“Cavalry should …be…all ears and eyes, spurs and sabers.”

1st Massachusetts Cavalry Part 2 Thirty-three years after the uprising in the camp of the 1st Massachusetts Cavalry at Readville, former officer and regimental historian, Benjamin Crowninshield believed, “the effects [of the mutiny] were never wholly eradicated from the regiment.” Indeed, a simmering tension rippled through the command as the men and officers seemed perpetually…

Examination Boards

Officers in the Regular Army, especially veterans of the Mexican War, had “a regular’s contempt for ‘fancy volunteers.’”  Men like George McClellan denigrated untrained and undisciplined volunteer officers as the dregs of society, kicked out of “county courthouses, & low village bar rooms.”  Unyielding in his disdain, McClellan sought to double the number of officers…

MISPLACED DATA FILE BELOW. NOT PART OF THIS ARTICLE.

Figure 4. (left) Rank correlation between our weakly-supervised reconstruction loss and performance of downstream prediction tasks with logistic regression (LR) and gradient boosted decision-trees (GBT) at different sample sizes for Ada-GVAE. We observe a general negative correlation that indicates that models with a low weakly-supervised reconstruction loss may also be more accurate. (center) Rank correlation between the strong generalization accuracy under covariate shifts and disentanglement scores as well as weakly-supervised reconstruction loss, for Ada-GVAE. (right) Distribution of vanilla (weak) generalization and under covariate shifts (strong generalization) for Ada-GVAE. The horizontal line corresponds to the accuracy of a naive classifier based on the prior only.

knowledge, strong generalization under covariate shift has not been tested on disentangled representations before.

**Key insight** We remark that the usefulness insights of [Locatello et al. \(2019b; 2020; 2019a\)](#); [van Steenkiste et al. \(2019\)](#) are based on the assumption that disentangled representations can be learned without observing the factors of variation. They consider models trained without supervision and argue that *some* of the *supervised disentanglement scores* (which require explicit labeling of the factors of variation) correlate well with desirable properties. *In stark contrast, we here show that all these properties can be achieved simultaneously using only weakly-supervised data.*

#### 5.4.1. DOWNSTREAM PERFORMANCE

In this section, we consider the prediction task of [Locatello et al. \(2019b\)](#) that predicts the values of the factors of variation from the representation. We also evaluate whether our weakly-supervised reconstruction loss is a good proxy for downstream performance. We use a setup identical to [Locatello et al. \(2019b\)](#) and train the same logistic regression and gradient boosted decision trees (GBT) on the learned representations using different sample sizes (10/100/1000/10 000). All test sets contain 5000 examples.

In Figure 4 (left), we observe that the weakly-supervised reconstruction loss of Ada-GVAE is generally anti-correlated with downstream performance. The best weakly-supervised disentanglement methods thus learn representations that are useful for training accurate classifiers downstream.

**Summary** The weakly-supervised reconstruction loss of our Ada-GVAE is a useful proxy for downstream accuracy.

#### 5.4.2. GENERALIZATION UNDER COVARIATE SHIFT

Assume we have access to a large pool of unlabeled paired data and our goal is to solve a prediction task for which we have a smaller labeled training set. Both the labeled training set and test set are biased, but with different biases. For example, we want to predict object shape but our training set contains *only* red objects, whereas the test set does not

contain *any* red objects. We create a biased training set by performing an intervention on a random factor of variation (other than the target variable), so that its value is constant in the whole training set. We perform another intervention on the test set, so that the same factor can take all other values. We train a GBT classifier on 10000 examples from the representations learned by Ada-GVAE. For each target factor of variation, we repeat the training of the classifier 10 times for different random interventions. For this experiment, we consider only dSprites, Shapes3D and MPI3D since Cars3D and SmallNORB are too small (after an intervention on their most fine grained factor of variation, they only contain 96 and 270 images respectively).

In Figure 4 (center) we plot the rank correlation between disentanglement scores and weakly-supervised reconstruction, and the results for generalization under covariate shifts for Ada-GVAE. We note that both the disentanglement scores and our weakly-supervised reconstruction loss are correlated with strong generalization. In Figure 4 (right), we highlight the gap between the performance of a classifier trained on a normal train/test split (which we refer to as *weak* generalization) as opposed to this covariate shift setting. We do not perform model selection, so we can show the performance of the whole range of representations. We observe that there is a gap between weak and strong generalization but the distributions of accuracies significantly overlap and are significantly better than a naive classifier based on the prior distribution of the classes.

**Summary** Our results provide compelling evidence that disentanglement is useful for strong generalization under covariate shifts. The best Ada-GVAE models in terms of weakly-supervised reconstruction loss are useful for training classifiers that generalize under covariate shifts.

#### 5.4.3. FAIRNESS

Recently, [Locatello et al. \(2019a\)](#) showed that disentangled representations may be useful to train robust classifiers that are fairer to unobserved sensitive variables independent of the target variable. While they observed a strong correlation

Col. John Lemmon – A Colonel at War with his Men – Conclusion

The War Department order dismissing captains John Ordner, Henry Pratt, Wilkerson Paige and Layton Baldwin, along with lieutenants William Snyder, Aaron Bliss, Luther Barney, Henry Field, John Hart and Theodore Weed came down while the Cavalry Corps, including the 10th New York, was on the Stoneman Raid; the convicted officers did not learn of their…

Remounts – The Life Blood of the Cavalry – Caught in Traffic

General Robert E. Lee began moving his army out of the lines near the Rappahannock River on June 3.  His counterpart, General Joseph Hooker, must have considered the necessity of moving his army shortly thereafter, though exactly when he did so remains a bit of a mystery.  Rather than going after Lee and bringing him…